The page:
conditions (especially the dates, resulting values and definitions of the underlying variables, the parties contractual obligations, and the notional amount) under which
payments are to be made between the parties.[24][33] The
most common underlying assets include commodities,
stocks, bonds, interest rates and currencies, but they can
also be other derivatives, which adds another layer of
complexity to proper valuation. The components of a
rms capital structure, e.g., bonds and stock, can also
be considered derivatives, more precisely options, with
the underlying being the rms assets, but this is unusual
outside of technical contexts.
From the economic point of view, nancial derivatives
are cash ows, that are conditionally stochastically and
discounted to present value. The market risk inherent in
the underlying asset is attached to the nancial derivative through contractual agreements and hence can be
traded separately.[34] The underlying asset does not have
to be acquired. Derivatives therefore allow the breakup of
ownership and participation in the market value of an asset. This also provides a considerable amount of freedom
regarding the contract design. That contractual freedom
allows to modify the participation in the performance of
the underlying asset almost arbitrarily. Thus, the participation in the market value of the underlying can be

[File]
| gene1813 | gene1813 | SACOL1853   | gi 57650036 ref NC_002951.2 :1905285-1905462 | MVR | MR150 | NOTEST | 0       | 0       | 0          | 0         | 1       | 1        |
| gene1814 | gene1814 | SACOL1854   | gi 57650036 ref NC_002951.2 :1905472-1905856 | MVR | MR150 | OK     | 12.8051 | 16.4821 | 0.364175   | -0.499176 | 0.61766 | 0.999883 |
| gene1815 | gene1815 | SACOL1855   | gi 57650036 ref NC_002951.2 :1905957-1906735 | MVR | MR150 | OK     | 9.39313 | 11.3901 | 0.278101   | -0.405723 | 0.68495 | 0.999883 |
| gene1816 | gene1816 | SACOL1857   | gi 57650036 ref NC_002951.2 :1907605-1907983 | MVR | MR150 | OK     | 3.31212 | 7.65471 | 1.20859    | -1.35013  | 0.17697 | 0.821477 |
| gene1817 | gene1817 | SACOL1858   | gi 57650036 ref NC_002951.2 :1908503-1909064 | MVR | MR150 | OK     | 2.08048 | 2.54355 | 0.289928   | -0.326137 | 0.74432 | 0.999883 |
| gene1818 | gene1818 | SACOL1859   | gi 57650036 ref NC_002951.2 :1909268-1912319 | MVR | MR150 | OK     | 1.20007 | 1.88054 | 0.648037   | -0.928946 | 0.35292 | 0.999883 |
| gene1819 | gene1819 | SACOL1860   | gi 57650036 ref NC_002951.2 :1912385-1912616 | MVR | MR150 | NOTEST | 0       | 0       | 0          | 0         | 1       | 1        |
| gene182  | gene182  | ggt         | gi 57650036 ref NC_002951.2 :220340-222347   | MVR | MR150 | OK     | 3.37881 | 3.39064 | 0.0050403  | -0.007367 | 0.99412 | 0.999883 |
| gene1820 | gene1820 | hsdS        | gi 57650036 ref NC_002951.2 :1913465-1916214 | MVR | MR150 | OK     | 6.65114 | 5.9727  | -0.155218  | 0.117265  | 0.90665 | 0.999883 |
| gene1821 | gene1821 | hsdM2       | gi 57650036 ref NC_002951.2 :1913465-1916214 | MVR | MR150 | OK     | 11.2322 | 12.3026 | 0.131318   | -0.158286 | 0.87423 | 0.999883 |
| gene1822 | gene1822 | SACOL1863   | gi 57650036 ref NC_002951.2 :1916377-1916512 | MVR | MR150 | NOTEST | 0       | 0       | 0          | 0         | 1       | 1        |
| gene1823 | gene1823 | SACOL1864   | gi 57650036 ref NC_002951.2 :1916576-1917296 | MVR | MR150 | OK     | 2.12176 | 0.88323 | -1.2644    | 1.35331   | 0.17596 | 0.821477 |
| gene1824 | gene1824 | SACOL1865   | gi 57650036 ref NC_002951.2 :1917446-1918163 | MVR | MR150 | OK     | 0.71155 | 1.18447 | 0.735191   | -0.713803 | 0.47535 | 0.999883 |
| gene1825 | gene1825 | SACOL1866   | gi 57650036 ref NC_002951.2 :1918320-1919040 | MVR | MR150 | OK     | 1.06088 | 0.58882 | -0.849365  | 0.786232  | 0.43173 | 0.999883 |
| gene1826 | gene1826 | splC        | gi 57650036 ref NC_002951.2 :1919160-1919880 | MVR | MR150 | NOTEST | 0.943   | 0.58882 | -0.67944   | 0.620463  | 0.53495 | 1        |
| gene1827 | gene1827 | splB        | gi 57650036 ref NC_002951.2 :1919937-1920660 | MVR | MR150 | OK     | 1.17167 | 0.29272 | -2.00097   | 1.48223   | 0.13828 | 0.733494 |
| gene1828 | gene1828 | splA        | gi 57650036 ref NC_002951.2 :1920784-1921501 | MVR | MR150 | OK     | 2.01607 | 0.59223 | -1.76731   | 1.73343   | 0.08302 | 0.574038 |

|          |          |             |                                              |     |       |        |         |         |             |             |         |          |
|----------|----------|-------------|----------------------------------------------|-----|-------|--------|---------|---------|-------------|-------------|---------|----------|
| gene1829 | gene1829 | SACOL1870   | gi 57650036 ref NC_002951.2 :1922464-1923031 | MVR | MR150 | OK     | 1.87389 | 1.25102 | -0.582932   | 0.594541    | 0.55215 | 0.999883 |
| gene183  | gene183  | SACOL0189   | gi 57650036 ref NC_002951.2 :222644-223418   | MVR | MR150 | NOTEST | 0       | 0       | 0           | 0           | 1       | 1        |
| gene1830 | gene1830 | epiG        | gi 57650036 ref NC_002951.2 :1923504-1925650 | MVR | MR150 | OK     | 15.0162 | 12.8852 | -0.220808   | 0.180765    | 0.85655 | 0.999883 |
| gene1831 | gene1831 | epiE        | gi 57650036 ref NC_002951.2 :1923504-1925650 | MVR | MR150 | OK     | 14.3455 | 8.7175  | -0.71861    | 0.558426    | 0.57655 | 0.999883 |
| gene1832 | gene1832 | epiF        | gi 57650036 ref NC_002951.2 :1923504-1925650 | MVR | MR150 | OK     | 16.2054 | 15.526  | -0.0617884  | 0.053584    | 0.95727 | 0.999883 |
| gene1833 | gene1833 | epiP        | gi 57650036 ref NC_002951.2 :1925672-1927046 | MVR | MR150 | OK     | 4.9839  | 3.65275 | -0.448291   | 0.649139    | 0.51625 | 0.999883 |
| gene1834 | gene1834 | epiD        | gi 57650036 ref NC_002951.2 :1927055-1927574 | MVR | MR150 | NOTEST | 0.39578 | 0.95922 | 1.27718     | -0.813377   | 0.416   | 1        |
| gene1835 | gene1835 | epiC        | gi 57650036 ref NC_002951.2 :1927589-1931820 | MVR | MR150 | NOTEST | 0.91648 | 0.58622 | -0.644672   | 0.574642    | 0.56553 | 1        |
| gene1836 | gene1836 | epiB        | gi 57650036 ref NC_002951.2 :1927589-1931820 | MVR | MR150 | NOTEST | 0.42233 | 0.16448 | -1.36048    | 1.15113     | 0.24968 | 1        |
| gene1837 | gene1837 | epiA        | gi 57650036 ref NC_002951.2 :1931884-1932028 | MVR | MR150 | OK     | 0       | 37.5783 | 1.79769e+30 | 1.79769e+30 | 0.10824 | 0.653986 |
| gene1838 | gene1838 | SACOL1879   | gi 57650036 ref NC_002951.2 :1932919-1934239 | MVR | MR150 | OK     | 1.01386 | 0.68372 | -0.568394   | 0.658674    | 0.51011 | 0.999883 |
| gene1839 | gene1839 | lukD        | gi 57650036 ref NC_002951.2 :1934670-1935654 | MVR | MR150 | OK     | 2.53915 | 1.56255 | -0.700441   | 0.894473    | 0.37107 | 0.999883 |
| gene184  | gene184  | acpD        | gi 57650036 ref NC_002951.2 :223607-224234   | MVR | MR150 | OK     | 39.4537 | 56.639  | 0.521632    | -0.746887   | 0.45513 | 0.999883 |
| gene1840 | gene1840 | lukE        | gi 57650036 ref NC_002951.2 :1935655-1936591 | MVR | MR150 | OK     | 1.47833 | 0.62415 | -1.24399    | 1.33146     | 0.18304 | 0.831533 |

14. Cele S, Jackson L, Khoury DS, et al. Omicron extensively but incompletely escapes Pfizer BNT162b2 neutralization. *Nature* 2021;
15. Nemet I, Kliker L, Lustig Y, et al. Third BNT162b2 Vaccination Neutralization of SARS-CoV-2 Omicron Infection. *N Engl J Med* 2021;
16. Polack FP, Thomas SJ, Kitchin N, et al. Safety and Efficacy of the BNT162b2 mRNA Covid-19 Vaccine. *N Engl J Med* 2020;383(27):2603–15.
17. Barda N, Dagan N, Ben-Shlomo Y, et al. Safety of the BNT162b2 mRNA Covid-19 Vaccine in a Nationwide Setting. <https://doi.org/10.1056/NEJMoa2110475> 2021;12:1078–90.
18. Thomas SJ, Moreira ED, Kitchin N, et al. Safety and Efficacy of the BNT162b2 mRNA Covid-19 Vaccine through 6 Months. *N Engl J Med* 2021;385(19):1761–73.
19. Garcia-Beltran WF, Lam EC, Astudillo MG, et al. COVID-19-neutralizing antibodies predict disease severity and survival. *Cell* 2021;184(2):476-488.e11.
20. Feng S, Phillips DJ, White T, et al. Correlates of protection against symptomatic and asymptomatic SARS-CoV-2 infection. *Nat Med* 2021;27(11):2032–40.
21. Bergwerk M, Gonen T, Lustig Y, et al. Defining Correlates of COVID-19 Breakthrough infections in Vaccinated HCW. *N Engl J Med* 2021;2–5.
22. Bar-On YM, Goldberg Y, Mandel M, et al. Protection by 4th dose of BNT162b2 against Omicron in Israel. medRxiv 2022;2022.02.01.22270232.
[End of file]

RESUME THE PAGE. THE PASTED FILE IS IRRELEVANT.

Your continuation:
eectively weaker, stronger (leverage eect), or implemented as inverse. Hence, specically the market price
risk of the underlying asset can be controlled in almost
every situation.[34]

Derivatives are broadly categorized by the relationship


between the underlying asset and the derivative (such
as forward, option, swap); the type of underlying asset (such as equity derivatives, foreign exchange derivatives, interest rate derivatives, commodity derivatives, or
credit derivatives); the market in which they trade (such
as exchange-traded or over-the-counter); and their payo prole.
Derivatives may broadly be categorized as lock or option products. Lock products (such as swaps, futures,
or forwards) obligate the contractual parties to the terms
over the life of the contract. Option products (such as
interest rate caps) provide the buyer the right, but not the
obligation to enter the contract under the terms specied.
Derivatives can be used either for risk management (i.e.
to hedge by providing osetting compensation in case
of an undesired event, a kind of insurance) or for speculation (i.e. making a nancial bet). This distinction is
important because the former is a prudent aspect of operations and nancial management for many rms across
many industries; the latter oers managers and investors
a risky opportunity to increase prot, which may not be
properly disclosed to stakeholders.
Along with many other nancial products and services,
derivatives reform is an element of the DoddFrank Wall
Street Reform and Consumer Protection Act of 2010.
The Act delegated many rule-making details of regulatory oversight to the Commodity Futures Trading Commission (CFTC) and those details are not nalized nor
fully implemented as of late 2012.

5.1.10 Size of market

To give an idea of the size of the derivative market, The


Economist has reported that as of June 2011, the over-thecounter (OTC) derivatives market amounted to approximately $700 trillion, and the size of the market traded
on exchanges totaled an additional $83 trillion.[36] However, these are notional values, and some economists
say that this value greatly exaggerates the market value
and the true credit risk faced by the parties involved. For
example, in 2010, while the aggregate of OTC derivatives
exceeded $600 trillion, the value of the market was estimated much lower, at $21 trillion. The credit risk equivalent of the derivative contracts was estimated at $3.3